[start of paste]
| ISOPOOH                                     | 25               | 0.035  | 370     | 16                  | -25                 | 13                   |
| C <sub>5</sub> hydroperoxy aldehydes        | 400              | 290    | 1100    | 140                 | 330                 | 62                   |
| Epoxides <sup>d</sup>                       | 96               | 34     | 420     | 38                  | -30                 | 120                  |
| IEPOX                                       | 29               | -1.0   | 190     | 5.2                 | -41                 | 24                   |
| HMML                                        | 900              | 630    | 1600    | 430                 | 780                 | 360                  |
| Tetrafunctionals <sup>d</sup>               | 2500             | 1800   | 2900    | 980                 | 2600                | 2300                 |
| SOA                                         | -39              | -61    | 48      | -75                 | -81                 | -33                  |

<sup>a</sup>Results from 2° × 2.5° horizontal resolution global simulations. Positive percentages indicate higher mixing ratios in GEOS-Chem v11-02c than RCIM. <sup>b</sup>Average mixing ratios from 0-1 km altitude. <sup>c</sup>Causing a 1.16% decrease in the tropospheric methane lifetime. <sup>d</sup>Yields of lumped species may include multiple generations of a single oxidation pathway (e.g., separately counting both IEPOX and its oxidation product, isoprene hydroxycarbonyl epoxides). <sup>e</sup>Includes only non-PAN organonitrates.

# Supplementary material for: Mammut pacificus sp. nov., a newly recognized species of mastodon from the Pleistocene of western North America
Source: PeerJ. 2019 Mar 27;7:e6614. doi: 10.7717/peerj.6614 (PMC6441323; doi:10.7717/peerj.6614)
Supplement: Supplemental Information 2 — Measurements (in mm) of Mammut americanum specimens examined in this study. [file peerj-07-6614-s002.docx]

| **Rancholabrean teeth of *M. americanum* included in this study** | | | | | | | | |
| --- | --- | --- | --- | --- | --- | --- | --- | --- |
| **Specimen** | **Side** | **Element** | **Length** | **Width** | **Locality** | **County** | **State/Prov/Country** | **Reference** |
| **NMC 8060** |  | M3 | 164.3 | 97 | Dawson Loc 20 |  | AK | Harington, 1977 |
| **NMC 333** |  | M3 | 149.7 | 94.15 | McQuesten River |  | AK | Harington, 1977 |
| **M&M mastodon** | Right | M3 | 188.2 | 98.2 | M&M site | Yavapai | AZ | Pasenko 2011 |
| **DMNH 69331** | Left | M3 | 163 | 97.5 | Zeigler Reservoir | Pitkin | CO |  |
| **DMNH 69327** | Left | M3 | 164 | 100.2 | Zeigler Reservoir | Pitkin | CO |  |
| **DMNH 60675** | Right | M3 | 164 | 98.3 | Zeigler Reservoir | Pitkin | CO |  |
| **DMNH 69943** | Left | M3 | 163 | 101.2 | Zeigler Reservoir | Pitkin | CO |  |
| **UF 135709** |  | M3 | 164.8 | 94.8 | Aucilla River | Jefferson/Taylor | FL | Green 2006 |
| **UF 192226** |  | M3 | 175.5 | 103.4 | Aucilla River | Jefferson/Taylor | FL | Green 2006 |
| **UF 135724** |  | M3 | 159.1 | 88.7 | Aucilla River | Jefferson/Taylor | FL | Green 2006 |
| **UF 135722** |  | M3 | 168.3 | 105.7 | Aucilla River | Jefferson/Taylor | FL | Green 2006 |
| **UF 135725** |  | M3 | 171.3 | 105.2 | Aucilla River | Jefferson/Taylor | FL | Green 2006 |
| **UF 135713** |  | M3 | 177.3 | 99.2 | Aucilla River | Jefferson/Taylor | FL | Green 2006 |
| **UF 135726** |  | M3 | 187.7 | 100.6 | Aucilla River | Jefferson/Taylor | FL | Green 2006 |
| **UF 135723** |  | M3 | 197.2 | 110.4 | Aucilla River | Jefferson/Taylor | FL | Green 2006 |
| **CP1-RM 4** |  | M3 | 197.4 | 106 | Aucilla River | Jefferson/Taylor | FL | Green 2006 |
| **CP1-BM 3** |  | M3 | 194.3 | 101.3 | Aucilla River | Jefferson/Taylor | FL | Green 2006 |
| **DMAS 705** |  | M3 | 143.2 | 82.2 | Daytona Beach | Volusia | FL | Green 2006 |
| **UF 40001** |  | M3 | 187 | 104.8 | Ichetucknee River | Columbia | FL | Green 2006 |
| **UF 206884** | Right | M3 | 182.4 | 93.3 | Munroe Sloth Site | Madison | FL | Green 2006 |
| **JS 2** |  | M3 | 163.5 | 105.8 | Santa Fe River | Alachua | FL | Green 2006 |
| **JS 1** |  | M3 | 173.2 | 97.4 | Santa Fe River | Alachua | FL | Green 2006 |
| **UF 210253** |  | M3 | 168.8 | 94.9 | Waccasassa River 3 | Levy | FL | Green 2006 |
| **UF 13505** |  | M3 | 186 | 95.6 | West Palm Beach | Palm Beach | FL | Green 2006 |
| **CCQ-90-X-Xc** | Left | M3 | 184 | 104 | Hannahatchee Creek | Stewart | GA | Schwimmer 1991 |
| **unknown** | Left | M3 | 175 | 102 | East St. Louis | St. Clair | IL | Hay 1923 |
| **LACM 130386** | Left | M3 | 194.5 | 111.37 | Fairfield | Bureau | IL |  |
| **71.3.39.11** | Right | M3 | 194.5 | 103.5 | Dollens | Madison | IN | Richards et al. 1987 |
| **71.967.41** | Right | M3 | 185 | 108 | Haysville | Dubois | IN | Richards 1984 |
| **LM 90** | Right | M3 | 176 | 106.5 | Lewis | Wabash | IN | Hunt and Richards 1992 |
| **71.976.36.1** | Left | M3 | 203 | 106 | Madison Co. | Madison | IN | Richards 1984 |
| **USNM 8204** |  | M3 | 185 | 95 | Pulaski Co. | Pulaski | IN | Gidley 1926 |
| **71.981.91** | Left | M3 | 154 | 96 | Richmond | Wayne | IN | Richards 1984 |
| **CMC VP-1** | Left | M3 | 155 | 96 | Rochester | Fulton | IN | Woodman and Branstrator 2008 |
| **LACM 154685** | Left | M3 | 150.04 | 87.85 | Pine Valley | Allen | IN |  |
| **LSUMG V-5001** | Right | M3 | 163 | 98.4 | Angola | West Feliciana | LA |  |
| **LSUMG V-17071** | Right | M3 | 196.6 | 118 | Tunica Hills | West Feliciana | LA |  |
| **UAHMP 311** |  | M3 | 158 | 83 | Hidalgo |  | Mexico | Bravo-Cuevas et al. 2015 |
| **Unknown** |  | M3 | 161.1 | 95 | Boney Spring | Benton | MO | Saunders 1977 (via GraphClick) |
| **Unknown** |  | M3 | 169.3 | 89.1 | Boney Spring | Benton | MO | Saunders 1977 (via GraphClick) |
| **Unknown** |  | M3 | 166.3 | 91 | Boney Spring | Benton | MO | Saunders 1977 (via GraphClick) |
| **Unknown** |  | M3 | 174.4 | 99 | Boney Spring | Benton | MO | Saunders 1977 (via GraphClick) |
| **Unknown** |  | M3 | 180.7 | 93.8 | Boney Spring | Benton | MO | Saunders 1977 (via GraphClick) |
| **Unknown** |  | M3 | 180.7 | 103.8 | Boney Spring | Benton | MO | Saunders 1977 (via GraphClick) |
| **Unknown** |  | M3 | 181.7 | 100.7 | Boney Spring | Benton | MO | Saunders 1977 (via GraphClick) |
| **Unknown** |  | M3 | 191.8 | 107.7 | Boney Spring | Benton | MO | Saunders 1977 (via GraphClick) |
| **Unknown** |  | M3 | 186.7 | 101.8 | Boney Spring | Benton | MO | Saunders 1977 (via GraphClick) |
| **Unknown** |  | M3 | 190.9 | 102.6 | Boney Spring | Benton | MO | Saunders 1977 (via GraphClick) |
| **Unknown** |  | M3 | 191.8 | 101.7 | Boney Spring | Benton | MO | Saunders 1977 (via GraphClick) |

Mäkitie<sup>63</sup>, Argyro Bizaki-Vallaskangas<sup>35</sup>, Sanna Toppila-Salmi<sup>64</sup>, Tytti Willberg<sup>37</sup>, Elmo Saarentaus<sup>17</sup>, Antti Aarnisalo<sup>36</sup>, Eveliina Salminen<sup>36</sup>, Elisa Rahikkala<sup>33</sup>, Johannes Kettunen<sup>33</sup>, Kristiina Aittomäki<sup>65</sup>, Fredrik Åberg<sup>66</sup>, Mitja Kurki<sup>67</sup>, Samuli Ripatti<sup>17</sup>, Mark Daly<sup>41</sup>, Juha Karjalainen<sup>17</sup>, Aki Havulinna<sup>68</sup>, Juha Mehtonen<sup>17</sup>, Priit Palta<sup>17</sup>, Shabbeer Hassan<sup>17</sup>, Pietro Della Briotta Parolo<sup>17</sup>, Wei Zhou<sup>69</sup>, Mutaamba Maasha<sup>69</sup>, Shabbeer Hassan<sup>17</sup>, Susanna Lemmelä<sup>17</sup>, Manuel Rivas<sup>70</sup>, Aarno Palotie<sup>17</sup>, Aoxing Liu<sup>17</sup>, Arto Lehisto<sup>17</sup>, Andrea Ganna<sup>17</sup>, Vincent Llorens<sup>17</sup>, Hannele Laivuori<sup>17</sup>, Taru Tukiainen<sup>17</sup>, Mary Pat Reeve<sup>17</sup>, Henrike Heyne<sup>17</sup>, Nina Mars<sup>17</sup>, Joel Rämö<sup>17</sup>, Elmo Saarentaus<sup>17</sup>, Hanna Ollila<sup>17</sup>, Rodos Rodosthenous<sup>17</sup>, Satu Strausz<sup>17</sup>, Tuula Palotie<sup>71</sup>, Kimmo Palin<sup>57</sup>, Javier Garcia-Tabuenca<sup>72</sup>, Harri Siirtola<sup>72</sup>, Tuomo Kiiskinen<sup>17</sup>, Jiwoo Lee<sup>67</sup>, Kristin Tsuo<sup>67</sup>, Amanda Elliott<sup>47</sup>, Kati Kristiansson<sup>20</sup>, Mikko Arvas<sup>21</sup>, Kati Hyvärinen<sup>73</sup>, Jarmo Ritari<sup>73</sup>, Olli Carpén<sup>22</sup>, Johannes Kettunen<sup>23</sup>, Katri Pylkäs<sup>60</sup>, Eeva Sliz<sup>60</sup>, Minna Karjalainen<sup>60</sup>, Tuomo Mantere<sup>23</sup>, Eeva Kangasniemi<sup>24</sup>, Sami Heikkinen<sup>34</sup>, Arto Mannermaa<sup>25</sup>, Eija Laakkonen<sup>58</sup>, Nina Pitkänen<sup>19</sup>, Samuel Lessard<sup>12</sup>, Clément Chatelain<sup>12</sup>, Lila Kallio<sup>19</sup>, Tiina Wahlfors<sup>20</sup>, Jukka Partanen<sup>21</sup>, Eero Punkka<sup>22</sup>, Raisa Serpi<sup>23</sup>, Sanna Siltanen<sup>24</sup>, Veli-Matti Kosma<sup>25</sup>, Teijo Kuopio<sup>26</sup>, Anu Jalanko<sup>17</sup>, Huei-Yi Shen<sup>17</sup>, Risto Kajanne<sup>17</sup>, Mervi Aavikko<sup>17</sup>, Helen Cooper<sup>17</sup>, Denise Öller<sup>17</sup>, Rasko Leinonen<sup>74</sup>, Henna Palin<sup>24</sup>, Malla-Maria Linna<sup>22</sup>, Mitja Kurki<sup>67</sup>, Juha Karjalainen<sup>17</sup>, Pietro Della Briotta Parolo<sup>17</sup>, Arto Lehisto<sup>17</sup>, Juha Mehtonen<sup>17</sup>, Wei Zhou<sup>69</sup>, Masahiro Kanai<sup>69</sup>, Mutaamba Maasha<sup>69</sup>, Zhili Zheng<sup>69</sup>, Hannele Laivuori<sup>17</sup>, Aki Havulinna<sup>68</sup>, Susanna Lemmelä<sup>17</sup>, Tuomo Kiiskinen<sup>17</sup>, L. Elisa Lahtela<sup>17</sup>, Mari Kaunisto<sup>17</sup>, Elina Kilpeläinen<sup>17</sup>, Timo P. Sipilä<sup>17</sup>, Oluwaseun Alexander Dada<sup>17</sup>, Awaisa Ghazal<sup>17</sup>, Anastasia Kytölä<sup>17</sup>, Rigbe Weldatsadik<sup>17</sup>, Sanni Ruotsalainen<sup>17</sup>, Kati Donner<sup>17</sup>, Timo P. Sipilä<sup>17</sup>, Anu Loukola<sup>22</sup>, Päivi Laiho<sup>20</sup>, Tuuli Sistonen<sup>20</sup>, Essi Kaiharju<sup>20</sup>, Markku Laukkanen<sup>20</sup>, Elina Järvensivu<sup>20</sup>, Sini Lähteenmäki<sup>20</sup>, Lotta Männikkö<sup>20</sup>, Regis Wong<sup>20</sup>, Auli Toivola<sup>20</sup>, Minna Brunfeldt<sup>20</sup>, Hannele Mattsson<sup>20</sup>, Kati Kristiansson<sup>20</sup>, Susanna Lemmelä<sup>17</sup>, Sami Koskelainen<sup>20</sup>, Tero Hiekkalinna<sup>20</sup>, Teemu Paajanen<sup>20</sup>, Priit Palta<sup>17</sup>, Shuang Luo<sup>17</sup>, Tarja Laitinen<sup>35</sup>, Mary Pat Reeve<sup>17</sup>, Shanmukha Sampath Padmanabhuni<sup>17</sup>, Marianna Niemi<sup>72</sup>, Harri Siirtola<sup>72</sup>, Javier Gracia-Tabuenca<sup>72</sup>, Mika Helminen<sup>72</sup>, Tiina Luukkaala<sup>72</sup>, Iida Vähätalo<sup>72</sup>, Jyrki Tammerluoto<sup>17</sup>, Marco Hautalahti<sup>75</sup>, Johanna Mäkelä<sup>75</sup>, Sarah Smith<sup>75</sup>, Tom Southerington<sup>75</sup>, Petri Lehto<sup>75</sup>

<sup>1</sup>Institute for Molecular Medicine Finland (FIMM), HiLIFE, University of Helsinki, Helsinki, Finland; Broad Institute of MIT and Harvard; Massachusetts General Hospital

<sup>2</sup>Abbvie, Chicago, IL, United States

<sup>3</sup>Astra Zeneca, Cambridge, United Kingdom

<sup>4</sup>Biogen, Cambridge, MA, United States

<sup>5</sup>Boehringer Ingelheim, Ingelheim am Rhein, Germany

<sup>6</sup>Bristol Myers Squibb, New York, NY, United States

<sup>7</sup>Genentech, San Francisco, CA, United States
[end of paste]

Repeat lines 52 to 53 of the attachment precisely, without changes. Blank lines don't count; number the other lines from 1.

| **UAHMP 311** |  | M3 | 158 | 83 | Hidalgo |  | Mexico | Bravo-Cuevas et al. 2015 |
| **Unknown** |  | M3 | 161.1 | 95 | Boney Spring | Benton | MO | Saunders 1977 (via GraphClick) |